Viral social media threats to Covington schools leave parents upset

Viral social media threats to Covington schools leave parents upset
Viral social media threats to Covington schools leave parents upset(action news 5)
Published: Sep. 24, 2022 at 10:52 PM CDT
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COVINGTON, Tenn. (WMC) - Viral social media threats to Covington schools had parents on high alert.

A 12-year-old, who attends Crestview Middle School, was criminally charged with the threat of mass violence on school property or at a school-related activity.

Concerned Covington parents picked their children up from school Thursday after the threat went viral making its rounds on social media, according to Covington police Department.

A CPD Facebook post says there were several posts of threats to Covington High School and Covington Middle School.

A Crestview middle school parent said the 12-year-old contacted her daughter on Snapchat the night before.

“He kept asking her what school she went to, what school she went to, and she kept on asking why, and then I think she said why are you gonna shoot us up, and he said y’all fixin’ to die,” said Heather Barnett, Crestview parent.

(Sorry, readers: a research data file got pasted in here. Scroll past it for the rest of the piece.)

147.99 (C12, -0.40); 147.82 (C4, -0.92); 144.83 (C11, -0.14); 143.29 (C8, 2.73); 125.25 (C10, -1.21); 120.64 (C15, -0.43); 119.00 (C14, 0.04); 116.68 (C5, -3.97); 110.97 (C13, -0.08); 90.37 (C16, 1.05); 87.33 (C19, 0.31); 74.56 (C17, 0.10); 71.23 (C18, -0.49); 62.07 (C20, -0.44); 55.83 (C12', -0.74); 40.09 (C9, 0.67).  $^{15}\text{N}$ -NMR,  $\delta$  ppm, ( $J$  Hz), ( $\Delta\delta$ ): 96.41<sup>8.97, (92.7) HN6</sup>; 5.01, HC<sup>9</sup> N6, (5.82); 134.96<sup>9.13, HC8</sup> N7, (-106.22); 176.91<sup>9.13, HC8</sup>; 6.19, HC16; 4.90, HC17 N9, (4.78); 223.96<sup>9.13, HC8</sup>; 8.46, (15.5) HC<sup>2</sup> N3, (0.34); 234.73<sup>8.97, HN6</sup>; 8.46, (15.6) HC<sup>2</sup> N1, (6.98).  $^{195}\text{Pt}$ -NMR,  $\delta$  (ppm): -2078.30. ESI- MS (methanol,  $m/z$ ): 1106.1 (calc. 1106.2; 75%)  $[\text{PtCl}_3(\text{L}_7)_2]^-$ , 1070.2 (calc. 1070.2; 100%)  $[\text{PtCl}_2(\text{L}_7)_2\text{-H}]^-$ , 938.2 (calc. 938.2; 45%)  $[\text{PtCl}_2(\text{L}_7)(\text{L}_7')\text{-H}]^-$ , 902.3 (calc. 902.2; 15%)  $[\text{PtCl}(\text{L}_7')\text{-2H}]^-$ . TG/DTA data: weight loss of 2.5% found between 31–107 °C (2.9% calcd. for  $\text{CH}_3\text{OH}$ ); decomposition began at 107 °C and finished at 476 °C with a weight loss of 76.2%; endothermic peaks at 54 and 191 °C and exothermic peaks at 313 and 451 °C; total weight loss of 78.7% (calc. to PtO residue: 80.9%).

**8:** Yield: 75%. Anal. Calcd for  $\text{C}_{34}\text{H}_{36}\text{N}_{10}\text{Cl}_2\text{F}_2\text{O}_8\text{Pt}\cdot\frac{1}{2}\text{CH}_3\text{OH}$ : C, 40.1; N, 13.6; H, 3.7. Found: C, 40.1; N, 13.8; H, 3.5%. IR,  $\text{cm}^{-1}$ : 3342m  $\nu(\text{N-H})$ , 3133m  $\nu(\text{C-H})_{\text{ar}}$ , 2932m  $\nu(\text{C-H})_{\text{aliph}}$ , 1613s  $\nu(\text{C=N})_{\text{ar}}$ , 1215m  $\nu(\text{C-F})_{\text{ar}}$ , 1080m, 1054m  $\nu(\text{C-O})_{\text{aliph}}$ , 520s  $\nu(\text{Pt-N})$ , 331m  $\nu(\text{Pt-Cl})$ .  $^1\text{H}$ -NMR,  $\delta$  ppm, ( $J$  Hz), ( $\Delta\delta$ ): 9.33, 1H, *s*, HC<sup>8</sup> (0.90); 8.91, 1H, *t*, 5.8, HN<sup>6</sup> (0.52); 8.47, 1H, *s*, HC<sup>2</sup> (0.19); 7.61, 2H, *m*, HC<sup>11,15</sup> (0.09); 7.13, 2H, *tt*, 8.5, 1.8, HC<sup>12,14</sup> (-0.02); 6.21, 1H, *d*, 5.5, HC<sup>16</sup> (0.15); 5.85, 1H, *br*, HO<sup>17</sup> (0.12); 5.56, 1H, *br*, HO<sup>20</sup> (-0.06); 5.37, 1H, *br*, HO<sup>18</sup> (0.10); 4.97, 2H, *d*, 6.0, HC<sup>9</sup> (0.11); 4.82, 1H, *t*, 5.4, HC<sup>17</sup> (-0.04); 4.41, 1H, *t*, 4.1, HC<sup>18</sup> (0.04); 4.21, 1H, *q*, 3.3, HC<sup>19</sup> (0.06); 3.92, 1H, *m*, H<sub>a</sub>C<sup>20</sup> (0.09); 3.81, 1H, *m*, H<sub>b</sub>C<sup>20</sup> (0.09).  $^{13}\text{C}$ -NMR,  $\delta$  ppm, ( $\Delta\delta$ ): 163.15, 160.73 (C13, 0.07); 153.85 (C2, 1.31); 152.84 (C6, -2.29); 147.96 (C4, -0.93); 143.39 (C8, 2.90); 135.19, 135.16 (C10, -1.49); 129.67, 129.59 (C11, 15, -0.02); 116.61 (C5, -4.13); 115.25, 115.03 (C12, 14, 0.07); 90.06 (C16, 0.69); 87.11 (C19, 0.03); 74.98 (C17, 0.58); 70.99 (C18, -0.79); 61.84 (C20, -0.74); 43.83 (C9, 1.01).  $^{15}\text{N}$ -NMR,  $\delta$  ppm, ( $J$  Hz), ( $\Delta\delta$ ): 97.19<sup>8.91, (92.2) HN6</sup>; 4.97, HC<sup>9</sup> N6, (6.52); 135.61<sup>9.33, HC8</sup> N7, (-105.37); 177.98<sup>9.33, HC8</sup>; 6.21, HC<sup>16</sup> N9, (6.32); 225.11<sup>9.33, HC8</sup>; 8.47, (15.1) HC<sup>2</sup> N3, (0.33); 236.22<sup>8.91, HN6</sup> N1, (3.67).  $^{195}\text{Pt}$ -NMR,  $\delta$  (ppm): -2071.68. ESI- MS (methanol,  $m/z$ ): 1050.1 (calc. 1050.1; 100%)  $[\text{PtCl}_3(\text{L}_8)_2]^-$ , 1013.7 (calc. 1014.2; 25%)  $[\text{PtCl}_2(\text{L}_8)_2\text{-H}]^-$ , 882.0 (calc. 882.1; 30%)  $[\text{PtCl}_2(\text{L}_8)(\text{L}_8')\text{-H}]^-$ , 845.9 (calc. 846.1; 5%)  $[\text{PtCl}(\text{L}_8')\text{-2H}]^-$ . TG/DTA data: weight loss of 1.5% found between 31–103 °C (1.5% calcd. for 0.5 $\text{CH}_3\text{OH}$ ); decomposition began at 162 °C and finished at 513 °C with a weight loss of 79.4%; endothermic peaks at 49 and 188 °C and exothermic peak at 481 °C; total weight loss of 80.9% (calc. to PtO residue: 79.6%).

Barnett said her daughter notified her grandmother of the threat, who she lives with. Then contacted the Covington Police Department and kept her home for two days.

Barnett said she believes the social media threat started all over a football game.

“They had had a football game with Ripley; I guess they’re sore losers. But last year, the dog on a football game between Ripley in Covington a woman and her daughter got shot, and the woman died,” said Barnett.

CPD quickly opened an investigation, working alongside other law enforcement agencies to identify a suspect. Police found the account was linked to a resident in the area.

Covington officials said they spoke with the juvenile and his parents and confirmed he did not have any gun or any means of obtaining one. The 12-year-old was officially charged in the Tipton County Juvenile Court and released to his parents.

Although it was a crisis averted for the students, staff and faculty, Barnett says it was a scary situation she was never notified officially about.

“I’m scared as hell and mad as hell, you know, I’m scared, mad as hell because didn’t nobody told me about this,” said Barnett. “The school should’ve called me and told me; the police should’ve called and told me -- somebody should’ve called and told me.”

Action 5 News reached out to the Tipton County School Board for comment but did not hear back.

Tipton County officials confirmed that notifications regarding the post were sent out to parents of children, according to the school board.

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